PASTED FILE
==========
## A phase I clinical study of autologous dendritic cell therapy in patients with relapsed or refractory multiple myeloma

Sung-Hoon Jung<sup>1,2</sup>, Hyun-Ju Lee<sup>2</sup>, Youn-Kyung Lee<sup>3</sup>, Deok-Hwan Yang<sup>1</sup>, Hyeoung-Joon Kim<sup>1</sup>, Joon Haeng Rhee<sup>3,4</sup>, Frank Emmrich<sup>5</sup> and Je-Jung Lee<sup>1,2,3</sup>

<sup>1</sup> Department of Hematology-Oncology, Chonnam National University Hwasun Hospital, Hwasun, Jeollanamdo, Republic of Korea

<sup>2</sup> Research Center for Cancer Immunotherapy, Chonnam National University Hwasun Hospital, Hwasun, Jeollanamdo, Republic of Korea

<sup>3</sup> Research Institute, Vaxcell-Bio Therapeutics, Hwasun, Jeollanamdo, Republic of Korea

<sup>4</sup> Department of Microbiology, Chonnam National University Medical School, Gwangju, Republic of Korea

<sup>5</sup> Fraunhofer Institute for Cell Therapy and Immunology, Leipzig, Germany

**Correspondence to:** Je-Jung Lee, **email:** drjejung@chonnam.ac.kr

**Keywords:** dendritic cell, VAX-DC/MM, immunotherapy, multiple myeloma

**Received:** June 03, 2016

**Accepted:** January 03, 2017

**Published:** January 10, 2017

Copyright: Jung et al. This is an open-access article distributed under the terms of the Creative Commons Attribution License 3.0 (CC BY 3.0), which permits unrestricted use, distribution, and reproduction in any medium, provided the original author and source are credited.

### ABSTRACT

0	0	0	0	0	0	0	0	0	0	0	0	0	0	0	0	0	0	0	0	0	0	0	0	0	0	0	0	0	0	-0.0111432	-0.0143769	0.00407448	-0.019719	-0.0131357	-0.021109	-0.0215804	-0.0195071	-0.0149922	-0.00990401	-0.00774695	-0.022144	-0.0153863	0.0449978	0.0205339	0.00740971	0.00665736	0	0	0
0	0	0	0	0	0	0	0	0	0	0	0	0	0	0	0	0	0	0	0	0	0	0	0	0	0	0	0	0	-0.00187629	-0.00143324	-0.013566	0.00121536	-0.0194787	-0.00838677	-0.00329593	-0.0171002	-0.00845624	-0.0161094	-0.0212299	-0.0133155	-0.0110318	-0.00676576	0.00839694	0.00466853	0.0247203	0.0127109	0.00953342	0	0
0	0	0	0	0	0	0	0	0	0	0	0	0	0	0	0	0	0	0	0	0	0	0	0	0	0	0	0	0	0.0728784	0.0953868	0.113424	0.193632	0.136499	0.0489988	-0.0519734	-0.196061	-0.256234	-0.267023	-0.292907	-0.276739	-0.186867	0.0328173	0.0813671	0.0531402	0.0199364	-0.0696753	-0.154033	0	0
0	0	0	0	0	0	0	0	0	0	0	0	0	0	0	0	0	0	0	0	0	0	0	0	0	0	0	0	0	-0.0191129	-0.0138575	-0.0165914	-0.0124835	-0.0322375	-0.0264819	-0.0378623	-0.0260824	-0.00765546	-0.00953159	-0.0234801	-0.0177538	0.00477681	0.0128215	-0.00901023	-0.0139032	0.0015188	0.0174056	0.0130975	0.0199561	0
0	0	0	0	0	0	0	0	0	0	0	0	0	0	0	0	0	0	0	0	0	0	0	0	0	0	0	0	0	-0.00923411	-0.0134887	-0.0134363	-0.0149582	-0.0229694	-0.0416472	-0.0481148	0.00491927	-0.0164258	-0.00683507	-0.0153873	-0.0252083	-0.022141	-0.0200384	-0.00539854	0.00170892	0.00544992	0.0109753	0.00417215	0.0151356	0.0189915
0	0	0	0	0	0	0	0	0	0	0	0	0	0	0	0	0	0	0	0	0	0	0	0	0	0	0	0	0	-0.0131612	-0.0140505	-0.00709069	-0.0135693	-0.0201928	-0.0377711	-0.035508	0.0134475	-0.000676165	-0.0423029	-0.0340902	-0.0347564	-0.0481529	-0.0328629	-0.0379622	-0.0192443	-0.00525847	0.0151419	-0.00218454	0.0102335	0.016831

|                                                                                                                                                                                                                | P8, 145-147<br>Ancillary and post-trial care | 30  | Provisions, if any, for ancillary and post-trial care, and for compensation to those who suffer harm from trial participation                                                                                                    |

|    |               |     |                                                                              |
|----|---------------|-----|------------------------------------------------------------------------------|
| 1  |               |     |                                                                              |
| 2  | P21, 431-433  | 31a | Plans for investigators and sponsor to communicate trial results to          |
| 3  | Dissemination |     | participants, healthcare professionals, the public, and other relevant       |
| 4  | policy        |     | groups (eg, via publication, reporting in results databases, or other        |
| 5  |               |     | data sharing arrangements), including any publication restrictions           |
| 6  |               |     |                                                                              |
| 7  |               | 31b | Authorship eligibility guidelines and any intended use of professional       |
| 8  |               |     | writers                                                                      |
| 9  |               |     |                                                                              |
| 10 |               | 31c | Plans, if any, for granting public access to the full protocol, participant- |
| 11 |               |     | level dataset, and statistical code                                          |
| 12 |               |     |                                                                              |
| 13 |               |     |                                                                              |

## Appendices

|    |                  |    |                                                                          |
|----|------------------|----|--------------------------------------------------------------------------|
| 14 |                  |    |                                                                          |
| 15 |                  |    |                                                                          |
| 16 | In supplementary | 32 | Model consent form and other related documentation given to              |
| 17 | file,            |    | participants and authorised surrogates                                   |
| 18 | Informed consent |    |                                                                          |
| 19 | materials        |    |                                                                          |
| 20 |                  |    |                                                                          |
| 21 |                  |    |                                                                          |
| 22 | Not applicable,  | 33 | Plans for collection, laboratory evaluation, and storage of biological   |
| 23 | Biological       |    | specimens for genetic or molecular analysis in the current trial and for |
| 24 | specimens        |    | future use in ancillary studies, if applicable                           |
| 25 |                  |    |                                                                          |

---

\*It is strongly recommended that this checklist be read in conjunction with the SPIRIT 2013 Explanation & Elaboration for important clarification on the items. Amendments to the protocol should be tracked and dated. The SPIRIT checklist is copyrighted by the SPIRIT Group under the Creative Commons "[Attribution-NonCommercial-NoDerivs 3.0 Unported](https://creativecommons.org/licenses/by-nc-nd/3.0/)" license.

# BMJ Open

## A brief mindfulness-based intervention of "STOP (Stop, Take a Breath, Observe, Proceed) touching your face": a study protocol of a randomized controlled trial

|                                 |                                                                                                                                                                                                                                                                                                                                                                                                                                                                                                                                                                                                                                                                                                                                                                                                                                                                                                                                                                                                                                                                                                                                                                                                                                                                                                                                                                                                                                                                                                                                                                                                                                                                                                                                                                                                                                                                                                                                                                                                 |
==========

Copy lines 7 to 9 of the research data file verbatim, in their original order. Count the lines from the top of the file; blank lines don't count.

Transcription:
<sup>5</sup> Fraunhofer Institute for Cell Therapy and Immunology, Leipzig, Germany

**Correspondence to:** Je-Jung Lee, **email:** drjejung@chonnam.ac.kr

**Keywords:** dendritic cell, VAX-DC/MM, immunotherapy, multiple myeloma